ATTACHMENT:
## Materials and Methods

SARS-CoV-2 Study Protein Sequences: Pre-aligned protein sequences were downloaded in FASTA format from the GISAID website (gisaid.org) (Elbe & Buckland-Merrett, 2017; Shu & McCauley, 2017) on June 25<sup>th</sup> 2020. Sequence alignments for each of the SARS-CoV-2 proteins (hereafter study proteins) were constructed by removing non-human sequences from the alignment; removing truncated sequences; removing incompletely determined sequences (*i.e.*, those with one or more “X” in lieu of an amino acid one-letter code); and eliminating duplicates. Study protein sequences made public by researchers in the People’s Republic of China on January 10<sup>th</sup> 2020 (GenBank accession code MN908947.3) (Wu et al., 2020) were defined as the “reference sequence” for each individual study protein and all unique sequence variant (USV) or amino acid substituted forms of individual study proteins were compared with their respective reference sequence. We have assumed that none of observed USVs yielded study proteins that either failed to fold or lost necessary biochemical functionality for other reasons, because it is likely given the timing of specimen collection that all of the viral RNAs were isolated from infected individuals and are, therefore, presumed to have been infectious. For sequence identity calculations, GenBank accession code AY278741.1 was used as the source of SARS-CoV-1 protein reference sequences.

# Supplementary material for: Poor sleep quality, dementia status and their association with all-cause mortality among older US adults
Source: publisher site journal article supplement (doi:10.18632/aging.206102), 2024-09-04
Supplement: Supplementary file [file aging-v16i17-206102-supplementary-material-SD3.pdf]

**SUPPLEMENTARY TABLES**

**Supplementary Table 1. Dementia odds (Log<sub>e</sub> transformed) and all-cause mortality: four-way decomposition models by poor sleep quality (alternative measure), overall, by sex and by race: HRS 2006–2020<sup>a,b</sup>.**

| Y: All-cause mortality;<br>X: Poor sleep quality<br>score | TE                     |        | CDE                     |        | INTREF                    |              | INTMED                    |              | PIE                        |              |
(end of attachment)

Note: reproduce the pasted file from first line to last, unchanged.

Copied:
## Materials and Methods

SARS-CoV-2 Study Protein Sequences: Pre-aligned protein sequences were downloaded in FASTA format from the GISAID website (gisaid.org) (Elbe & Buckland-Merrett, 2017; Shu & McCauley, 2017) on June 25<sup>th</sup> 2020. Sequence alignments for each of the SARS-CoV-2 proteins (hereafter study proteins) were constructed by removing non-human sequences from the alignment; removing truncated sequences; removing incompletely determined sequences (*i.e.*, those with one or more “X” in lieu of an amino acid one-letter code); and eliminating duplicates. Study protein sequences made public by researchers in the People’s Republic of China on January 10<sup>th</sup> 2020 (GenBank accession code MN908947.3) (Wu et al., 2020) were defined as the “reference sequence” for each individual study protein and all unique sequence variant (USV) or amino acid substituted forms of individual study proteins were compared with their respective reference sequence. We have assumed that none of observed USVs yielded study proteins that either failed to fold or lost necessary biochemical functionality for other reasons, because it is likely given the timing of specimen collection that all of the viral RNAs were isolated from infected individuals and are, therefore, presumed to have been infectious. For sequence identity calculations, GenBank accession code AY278741.1 was used as the source of SARS-CoV-1 protein reference sequences.

# Supplementary material for: Poor sleep quality, dementia status and their association with all-cause mortality among older US adults
Source: publisher site journal article supplement (doi:10.18632/aging.206102), 2024-09-04
Supplement: Supplementary file [file aging-v16i17-206102-supplementary-material-SD3.pdf]

**SUPPLEMENTARY TABLES**

**Supplementary Table 1. Dementia odds (Log<sub>e</sub> transformed) and all-cause mortality: four-way decomposition models by poor sleep quality (alternative measure), overall, by sex and by race: HRS 2006–2020<sup>a,b</sup>.**

| Y: All-cause mortality;<br>X: Poor sleep quality<br>score | TE                     |        | CDE                     |        | INTREF                    |              | INTMED                    |              | PIE                        |              |